Currently the Institute is home to nearly 500 researchers and support personnel; over 20 independent research programs; and more than a dozen technology development and core facilities. Learn more about the Institute at http://www.stowers.org. Learn more about American Century Investments at http://www.americancentury.com.

Gina Kirchweger | Newswise Science News
Further information:
http://www.stowers.org

More articles from Life Sciences:

nachricht Zebrafish's near 360 degree UV-vision knocks stripes off Google Street View
22.06.2018 | University of Sussex

nachricht New cellular pathway helps explain how inflammation leads to artery disease
22.06.2018 | Cedars-Sinai Medical Center

All articles from Life Sciences >>>

The most recent press releases about innovation >>>

Die letzten 5 Focus-News des innovations-reports im Überblick:

Im Focus: Temperature-controlled fiber-optic light source with liquid core

In a recent publication in the renowned journal Optica, scientists of Leibniz-Institute of Photonic Technology (Leibniz IPHT) in Jena showed that they can accurately control the optical properties of liquid-core fiber lasers and therefore their spectral band width by temperature and pressure tuning.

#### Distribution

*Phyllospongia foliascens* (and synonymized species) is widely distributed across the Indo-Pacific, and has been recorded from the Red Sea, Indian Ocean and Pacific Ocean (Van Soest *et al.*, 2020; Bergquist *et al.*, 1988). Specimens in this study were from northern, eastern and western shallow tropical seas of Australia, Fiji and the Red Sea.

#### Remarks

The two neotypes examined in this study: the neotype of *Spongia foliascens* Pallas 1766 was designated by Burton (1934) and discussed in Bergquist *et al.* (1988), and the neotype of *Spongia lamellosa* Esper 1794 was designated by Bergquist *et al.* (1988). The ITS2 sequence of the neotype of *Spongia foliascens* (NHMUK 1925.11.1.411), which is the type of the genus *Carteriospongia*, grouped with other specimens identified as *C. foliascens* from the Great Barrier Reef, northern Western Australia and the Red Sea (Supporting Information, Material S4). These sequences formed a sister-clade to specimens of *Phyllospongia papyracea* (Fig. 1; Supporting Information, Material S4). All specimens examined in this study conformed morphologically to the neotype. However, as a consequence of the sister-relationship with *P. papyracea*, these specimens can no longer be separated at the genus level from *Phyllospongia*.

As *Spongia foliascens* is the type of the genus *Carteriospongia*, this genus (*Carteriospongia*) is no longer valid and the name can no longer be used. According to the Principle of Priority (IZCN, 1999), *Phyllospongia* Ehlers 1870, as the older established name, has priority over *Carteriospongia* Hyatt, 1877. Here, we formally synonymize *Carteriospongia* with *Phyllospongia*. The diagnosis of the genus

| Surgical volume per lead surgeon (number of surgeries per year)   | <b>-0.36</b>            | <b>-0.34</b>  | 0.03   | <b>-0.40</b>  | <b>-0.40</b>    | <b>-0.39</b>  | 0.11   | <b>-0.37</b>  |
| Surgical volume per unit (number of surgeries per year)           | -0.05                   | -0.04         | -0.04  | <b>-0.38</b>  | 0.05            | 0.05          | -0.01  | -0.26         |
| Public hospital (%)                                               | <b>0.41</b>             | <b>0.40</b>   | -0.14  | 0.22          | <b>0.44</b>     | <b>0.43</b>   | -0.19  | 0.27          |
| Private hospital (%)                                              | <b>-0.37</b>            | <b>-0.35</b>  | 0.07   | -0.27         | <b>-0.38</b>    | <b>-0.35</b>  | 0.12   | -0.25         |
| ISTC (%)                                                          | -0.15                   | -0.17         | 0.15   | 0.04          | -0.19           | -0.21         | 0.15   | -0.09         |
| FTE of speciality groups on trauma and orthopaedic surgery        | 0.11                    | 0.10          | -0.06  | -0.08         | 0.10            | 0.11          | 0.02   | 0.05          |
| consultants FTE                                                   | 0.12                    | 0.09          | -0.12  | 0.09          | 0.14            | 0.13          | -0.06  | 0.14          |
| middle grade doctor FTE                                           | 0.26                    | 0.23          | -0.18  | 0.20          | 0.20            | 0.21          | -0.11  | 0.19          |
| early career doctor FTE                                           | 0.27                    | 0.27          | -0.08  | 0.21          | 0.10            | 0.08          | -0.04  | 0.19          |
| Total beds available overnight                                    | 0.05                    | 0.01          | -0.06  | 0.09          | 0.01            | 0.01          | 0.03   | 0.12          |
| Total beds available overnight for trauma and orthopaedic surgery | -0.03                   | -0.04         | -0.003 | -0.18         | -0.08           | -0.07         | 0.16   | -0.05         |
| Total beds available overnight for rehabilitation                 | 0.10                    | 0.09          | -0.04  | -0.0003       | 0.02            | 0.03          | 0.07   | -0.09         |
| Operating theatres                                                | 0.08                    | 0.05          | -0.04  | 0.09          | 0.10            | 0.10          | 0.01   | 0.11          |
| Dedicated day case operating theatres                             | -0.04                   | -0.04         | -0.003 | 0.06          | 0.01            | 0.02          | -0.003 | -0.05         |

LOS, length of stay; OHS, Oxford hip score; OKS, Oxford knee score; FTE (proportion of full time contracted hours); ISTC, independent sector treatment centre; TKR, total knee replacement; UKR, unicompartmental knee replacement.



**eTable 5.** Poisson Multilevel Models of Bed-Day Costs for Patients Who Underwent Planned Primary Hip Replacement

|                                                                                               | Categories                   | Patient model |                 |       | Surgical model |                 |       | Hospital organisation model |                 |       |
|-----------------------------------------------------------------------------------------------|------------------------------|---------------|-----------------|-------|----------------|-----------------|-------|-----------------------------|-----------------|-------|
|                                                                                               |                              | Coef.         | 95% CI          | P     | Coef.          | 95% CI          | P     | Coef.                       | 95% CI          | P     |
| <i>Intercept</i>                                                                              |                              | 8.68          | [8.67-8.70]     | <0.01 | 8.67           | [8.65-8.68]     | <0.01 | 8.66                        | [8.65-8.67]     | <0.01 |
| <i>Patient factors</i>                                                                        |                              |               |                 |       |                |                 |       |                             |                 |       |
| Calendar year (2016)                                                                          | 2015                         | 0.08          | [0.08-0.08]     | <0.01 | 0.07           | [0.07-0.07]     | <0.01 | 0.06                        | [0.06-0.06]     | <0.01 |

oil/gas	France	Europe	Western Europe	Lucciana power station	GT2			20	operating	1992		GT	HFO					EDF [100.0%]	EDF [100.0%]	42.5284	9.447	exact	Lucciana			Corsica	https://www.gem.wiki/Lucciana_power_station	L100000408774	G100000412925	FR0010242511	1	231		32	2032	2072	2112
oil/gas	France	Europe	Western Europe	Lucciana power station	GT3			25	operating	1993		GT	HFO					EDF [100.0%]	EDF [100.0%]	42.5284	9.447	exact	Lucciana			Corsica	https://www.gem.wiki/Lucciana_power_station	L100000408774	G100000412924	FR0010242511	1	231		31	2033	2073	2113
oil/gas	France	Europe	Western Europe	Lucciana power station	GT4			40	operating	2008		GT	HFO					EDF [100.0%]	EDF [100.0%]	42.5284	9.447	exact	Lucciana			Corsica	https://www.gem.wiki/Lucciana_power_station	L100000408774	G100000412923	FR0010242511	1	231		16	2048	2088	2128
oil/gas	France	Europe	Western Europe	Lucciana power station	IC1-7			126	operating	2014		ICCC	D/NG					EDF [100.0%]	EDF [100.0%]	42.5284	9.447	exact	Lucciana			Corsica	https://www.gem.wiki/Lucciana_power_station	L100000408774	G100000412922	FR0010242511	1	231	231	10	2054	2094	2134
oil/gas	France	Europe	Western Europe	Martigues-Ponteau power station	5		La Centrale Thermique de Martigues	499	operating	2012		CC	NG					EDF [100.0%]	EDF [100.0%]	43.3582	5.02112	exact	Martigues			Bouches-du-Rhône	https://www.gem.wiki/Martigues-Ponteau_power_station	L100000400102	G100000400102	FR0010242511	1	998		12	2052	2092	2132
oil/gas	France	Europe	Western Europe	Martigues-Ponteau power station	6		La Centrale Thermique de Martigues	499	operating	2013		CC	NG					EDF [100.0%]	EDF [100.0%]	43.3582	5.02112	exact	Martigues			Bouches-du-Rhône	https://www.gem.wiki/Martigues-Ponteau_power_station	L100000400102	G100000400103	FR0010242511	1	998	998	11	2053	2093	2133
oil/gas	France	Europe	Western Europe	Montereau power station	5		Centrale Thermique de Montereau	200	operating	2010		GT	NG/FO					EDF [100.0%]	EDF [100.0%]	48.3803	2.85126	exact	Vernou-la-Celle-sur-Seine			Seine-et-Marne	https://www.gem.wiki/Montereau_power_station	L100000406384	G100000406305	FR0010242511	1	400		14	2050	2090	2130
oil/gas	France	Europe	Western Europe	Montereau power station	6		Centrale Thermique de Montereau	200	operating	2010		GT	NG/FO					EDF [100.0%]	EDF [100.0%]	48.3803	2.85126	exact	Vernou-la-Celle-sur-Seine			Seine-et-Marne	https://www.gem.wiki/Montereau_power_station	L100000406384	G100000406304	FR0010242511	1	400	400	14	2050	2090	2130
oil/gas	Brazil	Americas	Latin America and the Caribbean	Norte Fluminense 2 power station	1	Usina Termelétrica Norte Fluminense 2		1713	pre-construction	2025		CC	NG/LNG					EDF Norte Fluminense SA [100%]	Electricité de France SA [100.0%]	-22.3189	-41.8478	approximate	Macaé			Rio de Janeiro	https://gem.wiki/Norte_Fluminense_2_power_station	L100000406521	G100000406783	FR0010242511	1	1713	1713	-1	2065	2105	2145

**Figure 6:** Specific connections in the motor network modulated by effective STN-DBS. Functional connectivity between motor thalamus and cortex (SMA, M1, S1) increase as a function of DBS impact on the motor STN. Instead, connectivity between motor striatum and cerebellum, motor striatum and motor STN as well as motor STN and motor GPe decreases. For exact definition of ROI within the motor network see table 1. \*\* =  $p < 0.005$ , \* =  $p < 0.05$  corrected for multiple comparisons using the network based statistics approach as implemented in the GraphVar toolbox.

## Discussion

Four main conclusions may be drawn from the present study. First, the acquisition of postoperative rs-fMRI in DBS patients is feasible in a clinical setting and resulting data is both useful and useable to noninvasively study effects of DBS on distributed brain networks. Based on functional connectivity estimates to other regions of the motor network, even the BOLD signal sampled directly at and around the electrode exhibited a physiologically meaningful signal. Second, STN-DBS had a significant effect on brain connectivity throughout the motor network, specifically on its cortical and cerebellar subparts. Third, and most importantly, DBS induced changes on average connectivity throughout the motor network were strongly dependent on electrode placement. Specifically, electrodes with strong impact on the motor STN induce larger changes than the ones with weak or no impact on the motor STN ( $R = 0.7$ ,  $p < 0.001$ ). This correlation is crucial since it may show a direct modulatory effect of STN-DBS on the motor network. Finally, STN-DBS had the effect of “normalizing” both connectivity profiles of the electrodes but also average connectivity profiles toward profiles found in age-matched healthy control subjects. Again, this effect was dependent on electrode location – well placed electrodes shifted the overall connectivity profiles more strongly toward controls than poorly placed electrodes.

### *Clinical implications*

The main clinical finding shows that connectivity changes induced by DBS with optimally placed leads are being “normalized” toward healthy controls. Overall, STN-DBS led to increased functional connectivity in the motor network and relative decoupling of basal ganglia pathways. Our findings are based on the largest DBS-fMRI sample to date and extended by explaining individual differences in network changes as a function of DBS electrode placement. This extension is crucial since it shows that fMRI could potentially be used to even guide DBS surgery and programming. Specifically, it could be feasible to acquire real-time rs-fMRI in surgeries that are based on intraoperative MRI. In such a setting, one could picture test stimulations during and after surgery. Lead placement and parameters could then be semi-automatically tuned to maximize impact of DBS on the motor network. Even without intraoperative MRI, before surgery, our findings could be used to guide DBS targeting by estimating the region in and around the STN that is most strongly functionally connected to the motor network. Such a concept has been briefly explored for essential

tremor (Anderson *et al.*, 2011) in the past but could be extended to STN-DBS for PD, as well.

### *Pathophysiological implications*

Already last year, the researchers provided experimental proof of a new dynamic of hybrid solitons– temporally and spectrally stationary light waves resulting...

Im Focus: Overdosing on Calcium

Nano crystals impact stem cell fate during bone formation

Scientists from the University of Freiburg and the University of Basel identified a master regulator for bone regeneration. Prasad Shastri, Professor of...